|Community Mobilization and AIDS (UNAIDS, 1997, 8 p.)|
Ensuring that community members "take ownership'' of the initiative
It is generally accepted that a true community-based initiative is one in which local people will say, "We did it ourselves." This basic principle of community mobilization is frequently forgotten in the haste of many community health initiatives. Facilitators and sponsors may rush the mobilization process in order to meet planned goals, and in doing so jeopardize its long-term success.
The assessment and planning phases of an initiative must take into account the need for community feelings of ownership to be created. This may require more resources or simply more time than is necessary to meet the technical requirements of the initiative; it may also require better communications with community opinion-makers or informal leaders.
One of the most effective ways of encouraging ownership is to work on some short-term and easily achievable objectives that involve as many people as possible. Small-scale but visible achievements are valuable ways to keep people's interest, spark more participation, and show people that their collective action can actually lead to success. For example the Ugandan group TASO (see box) worked hard in their early days to get a physician to join their group; once this was accomplished, TASO's HIV-infected members were finally able to get treatment in hospital for opportunistic infections.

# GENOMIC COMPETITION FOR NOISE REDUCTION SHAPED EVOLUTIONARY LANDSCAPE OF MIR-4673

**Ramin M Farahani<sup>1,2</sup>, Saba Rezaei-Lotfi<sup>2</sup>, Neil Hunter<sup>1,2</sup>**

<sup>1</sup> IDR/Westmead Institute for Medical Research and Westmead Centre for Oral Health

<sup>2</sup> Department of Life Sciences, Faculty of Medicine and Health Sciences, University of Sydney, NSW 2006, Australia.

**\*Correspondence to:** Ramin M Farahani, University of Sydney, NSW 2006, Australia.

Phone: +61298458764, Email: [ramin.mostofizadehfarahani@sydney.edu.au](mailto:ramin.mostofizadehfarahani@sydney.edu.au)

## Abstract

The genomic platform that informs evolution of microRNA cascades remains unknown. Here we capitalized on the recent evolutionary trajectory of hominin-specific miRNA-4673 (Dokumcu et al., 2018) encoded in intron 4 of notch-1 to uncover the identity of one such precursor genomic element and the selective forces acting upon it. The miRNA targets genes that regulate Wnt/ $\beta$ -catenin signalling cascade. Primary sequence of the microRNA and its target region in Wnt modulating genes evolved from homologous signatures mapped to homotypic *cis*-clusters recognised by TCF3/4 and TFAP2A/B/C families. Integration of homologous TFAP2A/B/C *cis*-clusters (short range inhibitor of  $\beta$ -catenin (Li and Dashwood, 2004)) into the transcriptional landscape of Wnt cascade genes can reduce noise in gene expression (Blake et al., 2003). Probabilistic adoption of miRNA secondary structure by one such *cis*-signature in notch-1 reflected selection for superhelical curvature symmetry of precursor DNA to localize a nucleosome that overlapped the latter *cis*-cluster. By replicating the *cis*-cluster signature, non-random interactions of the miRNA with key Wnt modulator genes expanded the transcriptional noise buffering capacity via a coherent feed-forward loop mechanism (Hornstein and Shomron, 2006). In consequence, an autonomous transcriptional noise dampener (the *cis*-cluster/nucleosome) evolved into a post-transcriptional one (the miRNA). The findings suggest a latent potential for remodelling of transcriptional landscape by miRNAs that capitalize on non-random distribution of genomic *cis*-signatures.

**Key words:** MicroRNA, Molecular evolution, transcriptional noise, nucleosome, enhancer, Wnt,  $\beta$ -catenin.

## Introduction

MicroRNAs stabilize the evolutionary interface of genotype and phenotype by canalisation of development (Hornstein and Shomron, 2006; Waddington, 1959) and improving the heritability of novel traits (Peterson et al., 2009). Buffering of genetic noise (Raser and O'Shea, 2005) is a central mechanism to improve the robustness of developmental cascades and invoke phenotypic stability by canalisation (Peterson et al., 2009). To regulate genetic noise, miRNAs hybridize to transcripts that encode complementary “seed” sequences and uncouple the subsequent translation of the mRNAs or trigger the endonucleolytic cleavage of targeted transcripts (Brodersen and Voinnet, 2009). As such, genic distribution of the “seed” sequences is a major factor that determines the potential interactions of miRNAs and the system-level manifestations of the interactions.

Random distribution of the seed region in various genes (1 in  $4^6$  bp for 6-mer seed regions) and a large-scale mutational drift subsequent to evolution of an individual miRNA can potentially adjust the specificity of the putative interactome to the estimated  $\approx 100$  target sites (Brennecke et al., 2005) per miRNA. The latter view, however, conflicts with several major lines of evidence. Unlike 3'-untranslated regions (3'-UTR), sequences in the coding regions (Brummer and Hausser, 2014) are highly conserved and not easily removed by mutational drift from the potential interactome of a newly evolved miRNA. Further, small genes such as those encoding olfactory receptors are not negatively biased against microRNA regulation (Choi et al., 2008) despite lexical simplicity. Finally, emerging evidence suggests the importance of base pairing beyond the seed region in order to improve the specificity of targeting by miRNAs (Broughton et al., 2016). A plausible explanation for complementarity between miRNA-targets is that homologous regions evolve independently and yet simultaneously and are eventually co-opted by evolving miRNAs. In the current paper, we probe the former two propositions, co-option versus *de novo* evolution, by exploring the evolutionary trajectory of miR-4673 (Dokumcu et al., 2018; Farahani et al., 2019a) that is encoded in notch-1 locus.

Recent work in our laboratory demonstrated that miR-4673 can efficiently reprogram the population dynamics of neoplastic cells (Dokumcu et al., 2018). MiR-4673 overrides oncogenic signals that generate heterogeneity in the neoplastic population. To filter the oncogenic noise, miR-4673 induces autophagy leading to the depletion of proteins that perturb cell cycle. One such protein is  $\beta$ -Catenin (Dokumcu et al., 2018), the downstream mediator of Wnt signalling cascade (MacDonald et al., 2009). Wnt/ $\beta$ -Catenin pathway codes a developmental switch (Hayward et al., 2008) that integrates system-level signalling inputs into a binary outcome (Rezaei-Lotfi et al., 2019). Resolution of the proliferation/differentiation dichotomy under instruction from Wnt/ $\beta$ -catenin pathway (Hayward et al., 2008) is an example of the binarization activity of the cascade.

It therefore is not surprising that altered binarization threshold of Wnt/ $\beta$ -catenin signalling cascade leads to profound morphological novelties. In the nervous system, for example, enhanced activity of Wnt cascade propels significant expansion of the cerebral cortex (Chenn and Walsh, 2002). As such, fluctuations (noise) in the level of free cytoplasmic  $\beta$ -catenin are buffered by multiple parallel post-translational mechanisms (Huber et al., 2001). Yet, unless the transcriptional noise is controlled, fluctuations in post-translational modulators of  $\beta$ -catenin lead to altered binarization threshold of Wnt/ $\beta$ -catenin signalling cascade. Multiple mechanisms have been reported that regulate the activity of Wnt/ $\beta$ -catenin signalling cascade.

Creating strong links to outside resources
Communities are not closed, self-sustaining systems. The ability of communities - no matter how well organized and motivated - to meet all of their needs is limited. These limits must be recognized and then planned for. For example, a community may successfully distribute information about the use of condoms for HIV prevention to most of its families, but that is not helpful if there is no consistent source of condoms. Similarly, an awareness campaign can quickly lose the confidence of community members if there is no place to refer people who want to test for HIV or who need counselling or care for AIDS-related problems.
Mobilizing a professional community: The Lawyers' Collective, Bombay, India